EU Court Sloshes Labels Touting Healthful Wine

     (CN) – German winemakers cannot market wine with health claims like “wholesome” and “easily digestible,” Europe’s highest court ruled Thursday.
     Deutsches Weintor, a winegrower cooperative in Rheinland-Pfalz placed labels on bottles of their wine with the word bekömmlich, meaning digestible, wholesome, or nourishing. Alcoholic beverage regulators objected to the use of the word, since EU law prohibits companies from making health claims about alcoholic products.
     Deutsches Weintor turned to the German courts, arguing that bekömmlich refers only to general well-being rather than health.
     The EU Court of Justice stepped in to clarify the scope of EU law with regard to wine labeling and, if necessary, weigh in on the winemakers’ fundamental rights to choose an occupation and conduct business.
     The Luxembourg court’s adviser issued an opinion in March saying that the regulation excludes alcoholic beverages, even if scientific evidence supports their benefits, to avoid any positive health-related connotations that might encourage the consumption of alcohol leading to abuse and addiction. The court agreed Thursday.
     “In the present case the description at issue, which suggests that the wine is readily absorbed and digested, implies, inter alia, that the digestive system – and thus a part of the human body – will not suffer, or will suffer little as a result, and that the digestive system will remain relatively healthy and intact even after repeated consumption, and thus accumulated amounts, over an extended period of time, given that that wine is characterized by reduced acidity,” the decision states.
     “In that, the claim in question might suggest a sustained beneficial physiological effect consisting in the preservation of a healthy digestive system, contrary to other wines, which are presumed to result, after being consumed a number of times, in sustained adverse effects on the digestive system and, consequently, on health,” the judges added. “In the light of the foregoing considerations [EU law] must be interpreted as meaning that the words ‘health claim’ cover a description such as ‘easily digestible’ that is accompanied by a reference to the reduced content of substances frequently perceived by consumers as being harmful.”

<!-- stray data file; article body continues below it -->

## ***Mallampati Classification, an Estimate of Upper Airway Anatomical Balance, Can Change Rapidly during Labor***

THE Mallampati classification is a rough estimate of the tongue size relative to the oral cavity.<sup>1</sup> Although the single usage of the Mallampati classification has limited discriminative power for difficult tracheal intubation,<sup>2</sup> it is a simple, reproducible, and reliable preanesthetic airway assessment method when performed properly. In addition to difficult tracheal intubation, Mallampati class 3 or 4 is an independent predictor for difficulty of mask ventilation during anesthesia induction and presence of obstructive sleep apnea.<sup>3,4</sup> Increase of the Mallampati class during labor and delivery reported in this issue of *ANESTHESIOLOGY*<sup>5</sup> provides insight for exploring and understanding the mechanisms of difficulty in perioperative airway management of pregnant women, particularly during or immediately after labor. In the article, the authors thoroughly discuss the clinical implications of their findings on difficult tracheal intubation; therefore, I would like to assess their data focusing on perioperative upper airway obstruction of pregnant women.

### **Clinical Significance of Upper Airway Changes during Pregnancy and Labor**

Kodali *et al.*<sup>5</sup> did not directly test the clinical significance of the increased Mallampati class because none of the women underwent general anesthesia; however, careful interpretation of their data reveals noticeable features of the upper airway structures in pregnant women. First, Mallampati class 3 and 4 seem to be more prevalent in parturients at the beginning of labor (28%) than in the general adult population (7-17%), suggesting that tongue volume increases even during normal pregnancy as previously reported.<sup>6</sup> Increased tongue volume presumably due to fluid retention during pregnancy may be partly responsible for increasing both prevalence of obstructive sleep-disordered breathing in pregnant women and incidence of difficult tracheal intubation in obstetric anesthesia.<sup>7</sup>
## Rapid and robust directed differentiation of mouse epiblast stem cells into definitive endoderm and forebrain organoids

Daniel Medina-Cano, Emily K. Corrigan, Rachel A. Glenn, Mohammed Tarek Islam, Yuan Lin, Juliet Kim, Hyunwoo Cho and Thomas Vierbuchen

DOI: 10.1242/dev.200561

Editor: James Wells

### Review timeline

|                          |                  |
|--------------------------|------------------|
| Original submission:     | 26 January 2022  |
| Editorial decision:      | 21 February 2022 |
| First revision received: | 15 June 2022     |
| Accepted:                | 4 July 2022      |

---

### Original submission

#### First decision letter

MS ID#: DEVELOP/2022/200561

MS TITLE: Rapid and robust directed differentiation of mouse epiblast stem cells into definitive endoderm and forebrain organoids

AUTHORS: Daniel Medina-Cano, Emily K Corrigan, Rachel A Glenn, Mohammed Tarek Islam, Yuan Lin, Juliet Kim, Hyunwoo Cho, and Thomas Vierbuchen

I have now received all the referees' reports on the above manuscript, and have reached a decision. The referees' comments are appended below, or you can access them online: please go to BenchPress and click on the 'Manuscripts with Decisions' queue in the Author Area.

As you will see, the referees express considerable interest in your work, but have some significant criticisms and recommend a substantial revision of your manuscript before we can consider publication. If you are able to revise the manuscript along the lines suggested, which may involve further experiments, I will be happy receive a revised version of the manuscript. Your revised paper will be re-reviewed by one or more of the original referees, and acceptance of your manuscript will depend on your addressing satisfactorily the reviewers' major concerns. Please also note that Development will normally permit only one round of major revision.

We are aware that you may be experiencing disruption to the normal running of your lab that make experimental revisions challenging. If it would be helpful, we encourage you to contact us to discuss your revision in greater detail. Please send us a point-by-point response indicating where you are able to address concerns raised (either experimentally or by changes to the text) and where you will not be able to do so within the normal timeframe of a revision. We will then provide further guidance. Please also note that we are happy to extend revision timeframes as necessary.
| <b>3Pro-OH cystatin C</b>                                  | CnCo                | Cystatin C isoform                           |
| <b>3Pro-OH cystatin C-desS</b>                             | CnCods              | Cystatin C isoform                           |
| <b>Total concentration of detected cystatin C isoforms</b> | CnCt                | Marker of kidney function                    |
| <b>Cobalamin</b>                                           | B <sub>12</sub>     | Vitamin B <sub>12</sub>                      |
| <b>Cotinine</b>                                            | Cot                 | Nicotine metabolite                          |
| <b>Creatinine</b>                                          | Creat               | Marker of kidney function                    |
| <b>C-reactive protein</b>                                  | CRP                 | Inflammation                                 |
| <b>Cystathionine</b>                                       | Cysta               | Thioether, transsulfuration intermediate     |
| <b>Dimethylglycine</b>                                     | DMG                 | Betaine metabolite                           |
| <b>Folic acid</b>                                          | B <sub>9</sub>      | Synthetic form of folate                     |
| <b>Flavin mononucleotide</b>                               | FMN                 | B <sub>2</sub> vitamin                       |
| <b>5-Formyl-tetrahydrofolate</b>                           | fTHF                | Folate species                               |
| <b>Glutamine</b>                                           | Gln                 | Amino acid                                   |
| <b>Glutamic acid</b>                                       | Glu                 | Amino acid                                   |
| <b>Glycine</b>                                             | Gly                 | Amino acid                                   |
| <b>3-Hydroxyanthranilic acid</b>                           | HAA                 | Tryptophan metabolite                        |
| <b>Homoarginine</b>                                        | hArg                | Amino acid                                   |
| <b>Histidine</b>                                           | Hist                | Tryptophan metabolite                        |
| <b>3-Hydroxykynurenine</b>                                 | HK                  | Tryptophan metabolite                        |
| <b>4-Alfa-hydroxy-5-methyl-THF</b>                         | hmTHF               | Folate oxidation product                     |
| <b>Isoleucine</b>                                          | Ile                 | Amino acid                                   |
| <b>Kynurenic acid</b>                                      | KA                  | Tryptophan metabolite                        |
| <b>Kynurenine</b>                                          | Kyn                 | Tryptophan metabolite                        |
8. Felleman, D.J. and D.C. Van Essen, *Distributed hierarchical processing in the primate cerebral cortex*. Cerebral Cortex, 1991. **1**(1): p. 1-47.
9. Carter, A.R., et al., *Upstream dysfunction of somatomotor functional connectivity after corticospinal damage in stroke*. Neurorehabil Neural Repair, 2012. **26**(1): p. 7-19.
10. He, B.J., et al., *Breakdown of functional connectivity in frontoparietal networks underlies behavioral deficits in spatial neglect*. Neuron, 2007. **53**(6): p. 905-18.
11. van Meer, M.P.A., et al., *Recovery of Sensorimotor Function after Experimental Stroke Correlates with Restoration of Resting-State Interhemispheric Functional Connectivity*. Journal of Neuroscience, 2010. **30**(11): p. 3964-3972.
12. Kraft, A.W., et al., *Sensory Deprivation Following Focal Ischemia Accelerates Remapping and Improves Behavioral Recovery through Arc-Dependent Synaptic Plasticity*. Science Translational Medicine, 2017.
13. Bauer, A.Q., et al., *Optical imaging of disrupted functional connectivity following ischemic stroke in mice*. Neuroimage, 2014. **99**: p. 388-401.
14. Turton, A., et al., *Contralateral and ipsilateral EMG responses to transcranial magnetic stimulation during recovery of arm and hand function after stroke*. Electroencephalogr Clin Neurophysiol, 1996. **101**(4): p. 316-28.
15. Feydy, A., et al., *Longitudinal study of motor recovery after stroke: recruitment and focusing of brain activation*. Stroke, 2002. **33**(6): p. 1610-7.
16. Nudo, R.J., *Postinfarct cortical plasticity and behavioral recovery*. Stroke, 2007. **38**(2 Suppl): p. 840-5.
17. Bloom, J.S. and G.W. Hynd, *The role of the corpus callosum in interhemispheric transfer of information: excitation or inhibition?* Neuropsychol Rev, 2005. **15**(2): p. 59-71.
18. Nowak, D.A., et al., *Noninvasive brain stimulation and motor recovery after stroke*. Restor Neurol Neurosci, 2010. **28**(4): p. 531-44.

Even if Deutsches Weintor’s wines are bekömmlich and good for one’s health, the EU’s prohibition on marketing them as such doesn’t violate the basic freedoms to choose an occupation or conduct business. The protection of public health is of equal importance, according to the court.
     “It must be pointed out that in view of the risks of addiction and abuse as well as the complex harmful effects known to be linked to the consumption of alcohol, in particular the development of serious diseases, alcoholic beverages represent a special category of foods that is subject to particularly strict regulation,” the court wrote. “In that regard, the court has already recognized on several occasions that measures restricting the advertising of alcoholic beverages in order to combat alcohol abuse reflect public health concerns and that the protection of public health constitutes … an objective of general interest justifying, where appropriate, a restriction of a fundamental freedom.”
     “Thus, the European Union legislature was fully entitled to take the view that claims such as that at issue in the main proceedings are ambiguous or even misleading where they relate to an alcoholic beverage. By highlighting only the easy digestion of the wine concerned, the claim at issue is likely to encourage its consumption and, ultimately, to increase the risks for consumers’ health inherent in the immoderate consumption of any alcoholic beverage. Consequently, the prohibition of such claims is warranted in the light of the requirement to ensure a high level of health protection for consumers.
     “Consequently, restrictions may be imposed on the exercise of those freedoms, provided that those restrictions in fact correspond to objectives of general interest pursued by the European Union and do not constitute, with regard to the aim pursued, a disproportionate and intolerable interference, impairing the very substance of those rights.”
     The case now returns to the German court for final ruling.

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